For more information on Sharon Hollingsworth and Brian Stevenson please see the sidebar for the About Your Humble Bloggers link.


Thursday, September 22, 2011

The Great Colonial Baking Competition of 1878-1880 [Sharon Hollingsworth]

In modern day Beechworth you can go to the very popular Beechworth Bakery to sample some "Ned Kelly" pies and other assorted breads and pastries. Interestingly enough, back in Beechworth in the 1870s before the Kellys were out, Joe Byrne and Aaron Sherritt used to visit a pie shop that was at the same location of today's Beechworth Bakery.

Baking is a true art form that never goes out of style. Many strive to be awarded the coveted Blue Ribbon for their efforts in baking contests.

When the Kelly gang was on the run there was a great deal of baking going on in Victoria. It took a lot of loaves to fill the bellies of the gang and the police that were on their trail. I guess we can consider it as being the Great Colonial Baking Competition of 1878-1880.

Our first contender for the top prize is Constable Thomas McIntyre. On the Stringybark Creek expedition, just prior to the tragic events thereof, Mac did a bit of baking. In his manuscript he says:

"...we had plenty of flour to bake some bread; all the bread we had with us had proven to be sweet and was disagreeable when eaten with salt meat....and having cut a large sheet of bark off a white gum tree, out of which I improvised a table and a baking board I proceeded to bake some bread..."

Then after the gang had attacked the camp, some of the members sat down to eat..McIntyre said:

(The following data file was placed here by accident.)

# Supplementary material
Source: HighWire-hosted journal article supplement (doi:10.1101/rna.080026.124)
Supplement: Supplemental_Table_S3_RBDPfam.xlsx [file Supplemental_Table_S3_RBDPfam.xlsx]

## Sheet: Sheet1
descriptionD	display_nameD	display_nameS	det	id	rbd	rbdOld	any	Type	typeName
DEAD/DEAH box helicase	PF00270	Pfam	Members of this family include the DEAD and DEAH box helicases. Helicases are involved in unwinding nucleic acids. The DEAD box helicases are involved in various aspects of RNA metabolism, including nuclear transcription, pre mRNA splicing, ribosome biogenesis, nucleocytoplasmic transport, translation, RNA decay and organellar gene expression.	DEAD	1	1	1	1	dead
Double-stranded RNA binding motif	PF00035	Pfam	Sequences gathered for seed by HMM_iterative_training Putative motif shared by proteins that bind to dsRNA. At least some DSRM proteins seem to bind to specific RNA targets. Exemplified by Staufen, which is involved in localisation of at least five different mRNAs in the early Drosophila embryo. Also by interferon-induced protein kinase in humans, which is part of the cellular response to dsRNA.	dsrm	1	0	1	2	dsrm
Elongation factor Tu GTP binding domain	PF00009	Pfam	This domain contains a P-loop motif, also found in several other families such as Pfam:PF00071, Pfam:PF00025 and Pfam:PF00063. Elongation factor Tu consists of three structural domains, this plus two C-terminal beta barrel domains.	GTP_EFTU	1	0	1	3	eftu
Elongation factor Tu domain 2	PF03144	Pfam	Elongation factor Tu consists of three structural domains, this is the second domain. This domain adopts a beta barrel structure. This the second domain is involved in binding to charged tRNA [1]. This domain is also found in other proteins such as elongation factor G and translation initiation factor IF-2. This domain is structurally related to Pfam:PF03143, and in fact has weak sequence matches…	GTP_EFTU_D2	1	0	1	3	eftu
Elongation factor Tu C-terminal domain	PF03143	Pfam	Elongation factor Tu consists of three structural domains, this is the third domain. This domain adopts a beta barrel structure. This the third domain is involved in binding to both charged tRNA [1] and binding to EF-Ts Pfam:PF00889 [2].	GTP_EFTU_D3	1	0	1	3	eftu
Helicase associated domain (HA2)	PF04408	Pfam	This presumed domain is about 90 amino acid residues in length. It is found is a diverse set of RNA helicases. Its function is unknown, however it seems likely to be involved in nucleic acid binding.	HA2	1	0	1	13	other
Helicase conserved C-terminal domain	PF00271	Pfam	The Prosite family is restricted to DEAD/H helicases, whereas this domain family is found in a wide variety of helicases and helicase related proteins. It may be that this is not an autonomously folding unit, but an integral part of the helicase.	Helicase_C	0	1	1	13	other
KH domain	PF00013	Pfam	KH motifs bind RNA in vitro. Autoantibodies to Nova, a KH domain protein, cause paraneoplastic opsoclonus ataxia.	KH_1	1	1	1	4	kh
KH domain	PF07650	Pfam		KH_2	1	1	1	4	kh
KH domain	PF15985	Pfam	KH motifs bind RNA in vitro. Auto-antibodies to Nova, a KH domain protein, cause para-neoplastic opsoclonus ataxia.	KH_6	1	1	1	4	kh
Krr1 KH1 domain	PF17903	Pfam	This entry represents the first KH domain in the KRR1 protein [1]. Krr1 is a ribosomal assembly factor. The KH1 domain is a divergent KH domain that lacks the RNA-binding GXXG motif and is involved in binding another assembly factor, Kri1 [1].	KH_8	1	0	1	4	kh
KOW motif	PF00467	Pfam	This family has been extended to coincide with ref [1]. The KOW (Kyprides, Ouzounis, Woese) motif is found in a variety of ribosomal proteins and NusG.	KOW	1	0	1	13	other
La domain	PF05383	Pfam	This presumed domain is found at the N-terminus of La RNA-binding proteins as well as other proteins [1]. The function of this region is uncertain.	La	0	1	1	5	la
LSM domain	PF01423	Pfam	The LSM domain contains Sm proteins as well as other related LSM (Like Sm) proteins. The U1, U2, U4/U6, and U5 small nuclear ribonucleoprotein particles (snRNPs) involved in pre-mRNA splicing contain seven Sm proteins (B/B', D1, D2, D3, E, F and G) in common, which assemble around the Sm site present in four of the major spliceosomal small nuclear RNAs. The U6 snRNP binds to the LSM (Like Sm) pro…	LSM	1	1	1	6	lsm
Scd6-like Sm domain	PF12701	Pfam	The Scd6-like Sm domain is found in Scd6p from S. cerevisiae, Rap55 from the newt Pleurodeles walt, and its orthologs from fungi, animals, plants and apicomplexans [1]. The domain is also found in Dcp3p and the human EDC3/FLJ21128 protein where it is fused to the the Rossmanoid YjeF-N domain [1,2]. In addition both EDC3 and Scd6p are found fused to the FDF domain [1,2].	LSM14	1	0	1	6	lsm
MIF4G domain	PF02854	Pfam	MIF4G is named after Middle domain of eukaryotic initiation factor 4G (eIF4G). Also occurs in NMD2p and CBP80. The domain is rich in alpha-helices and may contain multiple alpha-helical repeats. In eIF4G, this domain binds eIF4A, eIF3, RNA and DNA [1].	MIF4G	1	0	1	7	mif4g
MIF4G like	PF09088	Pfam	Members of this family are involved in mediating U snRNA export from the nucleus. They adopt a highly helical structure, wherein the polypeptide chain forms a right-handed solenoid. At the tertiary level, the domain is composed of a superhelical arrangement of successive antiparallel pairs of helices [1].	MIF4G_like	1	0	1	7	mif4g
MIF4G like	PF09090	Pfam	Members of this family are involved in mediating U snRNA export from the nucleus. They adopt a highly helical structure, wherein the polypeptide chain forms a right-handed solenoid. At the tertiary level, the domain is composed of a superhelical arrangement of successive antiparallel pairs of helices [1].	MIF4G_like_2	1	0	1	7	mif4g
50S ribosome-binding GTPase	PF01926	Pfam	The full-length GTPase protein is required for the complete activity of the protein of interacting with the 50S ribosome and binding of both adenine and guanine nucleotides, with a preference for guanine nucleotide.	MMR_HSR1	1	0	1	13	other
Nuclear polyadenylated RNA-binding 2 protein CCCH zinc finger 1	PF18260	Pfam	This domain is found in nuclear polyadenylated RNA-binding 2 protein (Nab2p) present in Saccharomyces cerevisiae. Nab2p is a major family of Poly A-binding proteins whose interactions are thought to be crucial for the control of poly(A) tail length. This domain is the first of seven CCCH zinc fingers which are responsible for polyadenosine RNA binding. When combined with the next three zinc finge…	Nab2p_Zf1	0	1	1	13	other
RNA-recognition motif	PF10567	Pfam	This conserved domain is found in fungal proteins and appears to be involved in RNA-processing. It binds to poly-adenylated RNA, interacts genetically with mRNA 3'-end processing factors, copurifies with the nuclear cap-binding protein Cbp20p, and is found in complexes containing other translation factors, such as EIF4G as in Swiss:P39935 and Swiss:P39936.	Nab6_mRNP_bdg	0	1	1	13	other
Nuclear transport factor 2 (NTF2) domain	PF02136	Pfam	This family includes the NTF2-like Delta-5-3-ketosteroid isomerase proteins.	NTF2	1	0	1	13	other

"Kelly then joined the others in feasting upon our cooked ham and the fresh bread that I had made....I feel pleased now, that they expressed so much approval of my bread that I believe I could have got a testimonial from them as a first class baker."

The next contender is Ned's sister, Maggie Skillion. She did a prodigious amount of baking. There was "bread baked in such quantities that it could not have been for the ordinary family." She would go out at night and make deliveries of this bread and other provisions.

Next, Mrs. Byrne, Joe Byrne's mother, also did a large amount of baking that was much more than for her immediate family's needs.

Next up for the title is Team Sherritt. Mrs. John Sherritt (Aaron Sherritt's mother) was in charge of doing all the baking for the cave parties of police. Mrs. Aaron Sherritt (Belle) did the baking for the police who were hiding in her and Aaron's hut (the four policemen went out each night with Aaron to watch Mrs. Byrne's place). She told the Royal Commission: "I was in danger myself, cooking bread for the police and staying in the house by myself at night till they came home in the morning."

We have to give honourable mention to Ned Kelly himself, who, was visiting the Sherritts (at Aaron's parents' home) while some bread was baking. He saw some dough left in the bowl and he then "took some of the dough up, and he flattened it on the table and pulled out the fire with his foot and cooked two or three pieces" all the while holding a baby in his arms!